Northwestern University buying Rehab Institute building - Rehabilitation Institute of Chicago

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Published on August 13, 2015

Source: Crain's Chicago Business

Northwestern University buying Rehab Institute building

Northwestern University is buying the building housing the Rehabilitation Institute of Chicago, which has two years to go before debuting a new facility two blocks away.

Evanston-based Northwestern, which owns the land the Rehab Institute is built on, said terms of the deal are still being finalized. The university is in the process of planning how it would use the hospital, but it likely would be for office space and other academic purposes, spokesman Alan Cubbage said.

The marriage makes sense, said Michael Newman, president of Chicago-based Golub, a real estate investment and development firm. Streeterville is the city's “urban medical district,” he said, a nod to not only the Rehab Institute but also nearby Northwestern Memorial Hospital and Ann & Robert H. Lurie Children's Hospital. Both are big patient feeders to the Rehab Institute.

Northwestern's Feinberg School of Medicine, whose students can learn the ropes of physical medicine and rehabilitation at the Rehab Institute, is around the block from the hospital.

With several residential and commercial buildings going up, such as the new Loews Chicago Hotel, “there's limited availability of land and buildings in the area,” Newman said.

A Rehab Institute spokeswoman declined to comment.

The Rehab Institute, commonly known as RIC, is a prominent hospital with a global reach specializing in rehabilitating patients with some of the most severe ailments and injuries, from strokes and amputations to spinal cord trauma. It's consistently ranked the top hospital for rehabilitation by U.S. News & World Report.


The deal with Northwestern comes as the Rehab Institute is building an estimated $550 million new hospital at 630 N. McClurg Court. The facility is about half completed, CEO Dr. Joanne Smith said in an interview last week.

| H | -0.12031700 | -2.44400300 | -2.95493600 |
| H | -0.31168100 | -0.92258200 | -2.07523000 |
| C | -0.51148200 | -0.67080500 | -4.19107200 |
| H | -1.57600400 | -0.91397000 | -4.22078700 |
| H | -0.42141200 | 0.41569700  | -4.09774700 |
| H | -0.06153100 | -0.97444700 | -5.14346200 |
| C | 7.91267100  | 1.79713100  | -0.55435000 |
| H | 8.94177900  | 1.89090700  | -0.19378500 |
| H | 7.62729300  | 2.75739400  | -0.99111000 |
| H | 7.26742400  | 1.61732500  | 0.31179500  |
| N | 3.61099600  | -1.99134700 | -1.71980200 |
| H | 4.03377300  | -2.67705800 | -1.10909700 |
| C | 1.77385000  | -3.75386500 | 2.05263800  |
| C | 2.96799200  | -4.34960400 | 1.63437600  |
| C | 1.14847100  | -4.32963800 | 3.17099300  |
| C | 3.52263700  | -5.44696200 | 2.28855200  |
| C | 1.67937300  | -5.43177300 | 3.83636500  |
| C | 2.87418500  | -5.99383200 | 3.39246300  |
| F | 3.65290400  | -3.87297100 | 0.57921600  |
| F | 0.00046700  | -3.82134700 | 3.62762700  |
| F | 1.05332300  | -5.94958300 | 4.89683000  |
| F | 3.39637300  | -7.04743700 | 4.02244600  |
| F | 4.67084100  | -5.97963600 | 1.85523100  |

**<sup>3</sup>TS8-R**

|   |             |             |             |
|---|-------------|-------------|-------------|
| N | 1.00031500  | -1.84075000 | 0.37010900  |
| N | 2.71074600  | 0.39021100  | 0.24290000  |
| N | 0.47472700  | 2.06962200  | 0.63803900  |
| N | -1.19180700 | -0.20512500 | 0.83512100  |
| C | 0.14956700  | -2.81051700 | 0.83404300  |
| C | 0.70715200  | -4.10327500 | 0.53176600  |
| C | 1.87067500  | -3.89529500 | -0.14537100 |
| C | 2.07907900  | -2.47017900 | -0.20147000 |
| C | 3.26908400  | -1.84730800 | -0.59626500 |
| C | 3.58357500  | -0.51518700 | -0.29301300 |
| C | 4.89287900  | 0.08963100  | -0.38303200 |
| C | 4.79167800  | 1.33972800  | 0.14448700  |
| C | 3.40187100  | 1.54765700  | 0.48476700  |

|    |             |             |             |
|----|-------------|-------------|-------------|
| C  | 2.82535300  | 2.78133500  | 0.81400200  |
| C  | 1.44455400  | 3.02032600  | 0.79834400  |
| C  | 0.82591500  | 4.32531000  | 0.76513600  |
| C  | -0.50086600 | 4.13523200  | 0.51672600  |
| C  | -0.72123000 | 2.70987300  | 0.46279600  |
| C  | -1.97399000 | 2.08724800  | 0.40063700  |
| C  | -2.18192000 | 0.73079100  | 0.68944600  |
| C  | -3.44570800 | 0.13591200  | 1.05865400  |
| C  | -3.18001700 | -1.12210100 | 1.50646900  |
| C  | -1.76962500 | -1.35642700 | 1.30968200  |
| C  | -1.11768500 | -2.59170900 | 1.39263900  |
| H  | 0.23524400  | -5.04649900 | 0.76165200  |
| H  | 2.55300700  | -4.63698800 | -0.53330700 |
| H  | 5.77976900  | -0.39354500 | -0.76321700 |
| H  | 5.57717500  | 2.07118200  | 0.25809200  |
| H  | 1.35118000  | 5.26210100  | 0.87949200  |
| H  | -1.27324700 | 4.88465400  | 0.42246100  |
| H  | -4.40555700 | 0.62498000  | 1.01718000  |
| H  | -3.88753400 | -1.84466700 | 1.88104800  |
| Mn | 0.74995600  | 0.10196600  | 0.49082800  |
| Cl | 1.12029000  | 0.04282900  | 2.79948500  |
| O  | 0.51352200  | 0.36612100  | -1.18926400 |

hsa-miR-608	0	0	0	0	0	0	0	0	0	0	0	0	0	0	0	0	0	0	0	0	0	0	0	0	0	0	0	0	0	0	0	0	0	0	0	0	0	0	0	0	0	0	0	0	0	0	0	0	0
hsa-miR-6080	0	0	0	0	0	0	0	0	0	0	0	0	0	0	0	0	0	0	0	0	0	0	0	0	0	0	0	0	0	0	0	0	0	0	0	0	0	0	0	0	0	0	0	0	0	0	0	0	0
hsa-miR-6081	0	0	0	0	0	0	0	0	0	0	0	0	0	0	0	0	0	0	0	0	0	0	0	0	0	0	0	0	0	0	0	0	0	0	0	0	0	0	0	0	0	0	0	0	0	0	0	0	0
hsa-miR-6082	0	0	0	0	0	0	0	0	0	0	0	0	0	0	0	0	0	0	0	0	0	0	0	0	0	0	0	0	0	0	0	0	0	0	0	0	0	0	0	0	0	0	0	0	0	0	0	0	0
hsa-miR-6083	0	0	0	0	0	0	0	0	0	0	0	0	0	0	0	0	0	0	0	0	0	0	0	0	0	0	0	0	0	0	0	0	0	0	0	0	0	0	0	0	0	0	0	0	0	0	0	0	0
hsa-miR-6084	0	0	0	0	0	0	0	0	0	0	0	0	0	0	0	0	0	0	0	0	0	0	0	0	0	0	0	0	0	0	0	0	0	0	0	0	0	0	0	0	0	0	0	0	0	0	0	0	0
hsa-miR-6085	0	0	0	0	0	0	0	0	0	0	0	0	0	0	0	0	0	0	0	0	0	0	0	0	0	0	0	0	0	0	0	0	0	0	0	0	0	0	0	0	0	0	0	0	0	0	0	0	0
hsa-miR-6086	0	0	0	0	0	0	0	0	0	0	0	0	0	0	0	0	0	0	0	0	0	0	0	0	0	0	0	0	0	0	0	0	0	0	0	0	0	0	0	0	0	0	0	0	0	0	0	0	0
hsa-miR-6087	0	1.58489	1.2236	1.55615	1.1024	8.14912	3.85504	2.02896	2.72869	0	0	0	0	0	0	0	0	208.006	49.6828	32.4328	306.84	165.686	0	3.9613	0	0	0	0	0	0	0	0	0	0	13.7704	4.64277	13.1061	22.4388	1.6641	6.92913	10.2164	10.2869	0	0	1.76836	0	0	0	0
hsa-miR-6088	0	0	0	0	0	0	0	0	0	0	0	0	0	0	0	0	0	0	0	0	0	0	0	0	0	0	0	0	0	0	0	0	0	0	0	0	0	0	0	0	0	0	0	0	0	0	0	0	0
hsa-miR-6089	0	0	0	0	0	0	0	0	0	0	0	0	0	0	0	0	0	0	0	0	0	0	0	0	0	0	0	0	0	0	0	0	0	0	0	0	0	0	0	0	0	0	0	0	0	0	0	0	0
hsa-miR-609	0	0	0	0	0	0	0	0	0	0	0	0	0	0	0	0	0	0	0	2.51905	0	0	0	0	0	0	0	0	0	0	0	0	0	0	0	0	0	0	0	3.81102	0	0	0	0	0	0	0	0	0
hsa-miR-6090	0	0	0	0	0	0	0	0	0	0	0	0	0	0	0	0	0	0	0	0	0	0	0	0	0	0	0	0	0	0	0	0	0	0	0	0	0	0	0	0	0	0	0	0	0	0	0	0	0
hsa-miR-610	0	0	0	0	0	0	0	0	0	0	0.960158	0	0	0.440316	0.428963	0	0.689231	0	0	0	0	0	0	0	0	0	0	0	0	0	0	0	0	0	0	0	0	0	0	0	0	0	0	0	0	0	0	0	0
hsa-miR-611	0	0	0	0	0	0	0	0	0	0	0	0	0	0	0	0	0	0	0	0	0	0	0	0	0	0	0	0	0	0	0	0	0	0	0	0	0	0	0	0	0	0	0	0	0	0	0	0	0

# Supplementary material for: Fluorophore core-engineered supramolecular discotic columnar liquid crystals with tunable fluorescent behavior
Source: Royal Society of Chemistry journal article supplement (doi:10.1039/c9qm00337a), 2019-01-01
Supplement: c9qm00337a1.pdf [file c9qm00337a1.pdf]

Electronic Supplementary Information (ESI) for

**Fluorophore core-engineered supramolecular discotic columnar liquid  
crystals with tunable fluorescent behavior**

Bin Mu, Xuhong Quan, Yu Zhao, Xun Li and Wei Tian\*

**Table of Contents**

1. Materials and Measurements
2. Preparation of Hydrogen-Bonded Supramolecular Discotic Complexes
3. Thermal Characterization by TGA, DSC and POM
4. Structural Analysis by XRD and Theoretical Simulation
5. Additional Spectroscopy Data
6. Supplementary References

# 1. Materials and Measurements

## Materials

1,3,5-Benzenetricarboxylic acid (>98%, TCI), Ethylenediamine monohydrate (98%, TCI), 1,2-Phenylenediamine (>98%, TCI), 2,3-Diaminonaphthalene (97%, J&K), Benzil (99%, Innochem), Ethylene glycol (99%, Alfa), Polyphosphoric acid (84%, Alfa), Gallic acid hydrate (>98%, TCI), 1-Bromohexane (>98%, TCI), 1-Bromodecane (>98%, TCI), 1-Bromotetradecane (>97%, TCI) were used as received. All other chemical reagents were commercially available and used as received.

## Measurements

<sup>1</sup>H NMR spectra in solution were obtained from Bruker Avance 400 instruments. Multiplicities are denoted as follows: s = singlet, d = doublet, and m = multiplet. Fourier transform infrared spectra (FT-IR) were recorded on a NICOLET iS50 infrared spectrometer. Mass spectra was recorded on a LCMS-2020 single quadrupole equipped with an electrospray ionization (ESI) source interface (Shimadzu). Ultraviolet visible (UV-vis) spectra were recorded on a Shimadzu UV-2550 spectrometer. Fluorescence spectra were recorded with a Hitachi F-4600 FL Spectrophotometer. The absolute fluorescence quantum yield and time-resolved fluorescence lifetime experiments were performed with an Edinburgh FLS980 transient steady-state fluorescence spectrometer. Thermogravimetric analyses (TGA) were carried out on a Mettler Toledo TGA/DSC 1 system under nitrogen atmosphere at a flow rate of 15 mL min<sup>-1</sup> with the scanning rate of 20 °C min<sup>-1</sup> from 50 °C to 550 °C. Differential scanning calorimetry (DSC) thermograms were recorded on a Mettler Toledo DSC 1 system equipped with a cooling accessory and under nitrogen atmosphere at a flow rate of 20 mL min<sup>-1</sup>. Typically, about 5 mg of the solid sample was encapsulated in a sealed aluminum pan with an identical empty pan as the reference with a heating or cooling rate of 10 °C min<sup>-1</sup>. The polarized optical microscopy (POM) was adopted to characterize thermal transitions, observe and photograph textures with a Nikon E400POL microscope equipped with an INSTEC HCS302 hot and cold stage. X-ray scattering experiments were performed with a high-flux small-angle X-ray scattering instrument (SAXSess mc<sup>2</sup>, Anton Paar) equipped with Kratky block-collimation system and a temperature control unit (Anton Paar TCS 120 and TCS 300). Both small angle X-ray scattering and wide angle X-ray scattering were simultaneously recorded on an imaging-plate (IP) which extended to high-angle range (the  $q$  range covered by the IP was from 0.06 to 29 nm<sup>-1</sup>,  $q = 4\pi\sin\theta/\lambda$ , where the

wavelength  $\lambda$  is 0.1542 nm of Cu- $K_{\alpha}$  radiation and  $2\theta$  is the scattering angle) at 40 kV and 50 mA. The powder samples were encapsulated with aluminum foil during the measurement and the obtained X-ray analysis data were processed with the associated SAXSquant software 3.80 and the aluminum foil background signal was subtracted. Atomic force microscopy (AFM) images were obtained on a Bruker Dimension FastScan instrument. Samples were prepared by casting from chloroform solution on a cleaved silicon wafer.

With 18 stories and about 387,500 square feet, the current hospital has outgrown its space. Its 182 patient beds typically are full, and many fit two patients per room, a challenge for infection control and patient satisfaction, Smith said. The hospital's racetrack-like configuration (a rectangular shape with narrow corridors) is inefficient and forces many functions to be squeezed into spaces that aren't adequate for services today, like bigger wheelchairs, the hospital told state regulators in a 2012 application requesting permission to build the new facility.

“We literally have no place to grow,” said Smith, adding that the hospital has more than 100 patients a year on a waiting list.

The new hospital, to be called the Ability Institute of RIC, will be much bigger. It will span 1.2 million square feet, with 27 stories and room to add more space. Its 242 patient rooms will be private. The facility, which has a heavy research focus, will embed researchers among patients and physicians to help spark medical breakthroughs.

While the hospital missed earlier fundraising targets, it's up to $200 million of its $300 million goal, Smith said. Mae Hong, a Chicago-based vice president at Rockefeller Philanthropy Advisors, said donors have bounced back since the recession. The Rehab Institute's branding power, niche and high-profile board should help it solicit contributions, she said.

“If they were any other institution, I think I might say that's going to be a bit of a stretch,” Hong said.


If Northwestern didn't embark on a deal, the Rehab Institute would have been a hard sell, experts say. The hospital's lease for the site is up in 2069, according to its 2012 state application. Northwestern “declared a need” for the land under the hospital and would not only let the lease expire without renewing it, but it may want to use the site before the lease was terminated, the application said.

A new buyer would have only 54 years on the Rehab Institute's existing lease. It sounds lengthy, but it's a risky bet for a new buyer that might plunk down millions of dollars to repurpose the 41-year-old hospital building, then lose it to the university when the lease expires, experts said.

“It's not economically viable,” said Howard Ecker, president and CEO of Howard Ecker & Co., which represents commercial tenants and has offices in four cities, including in Chicago.

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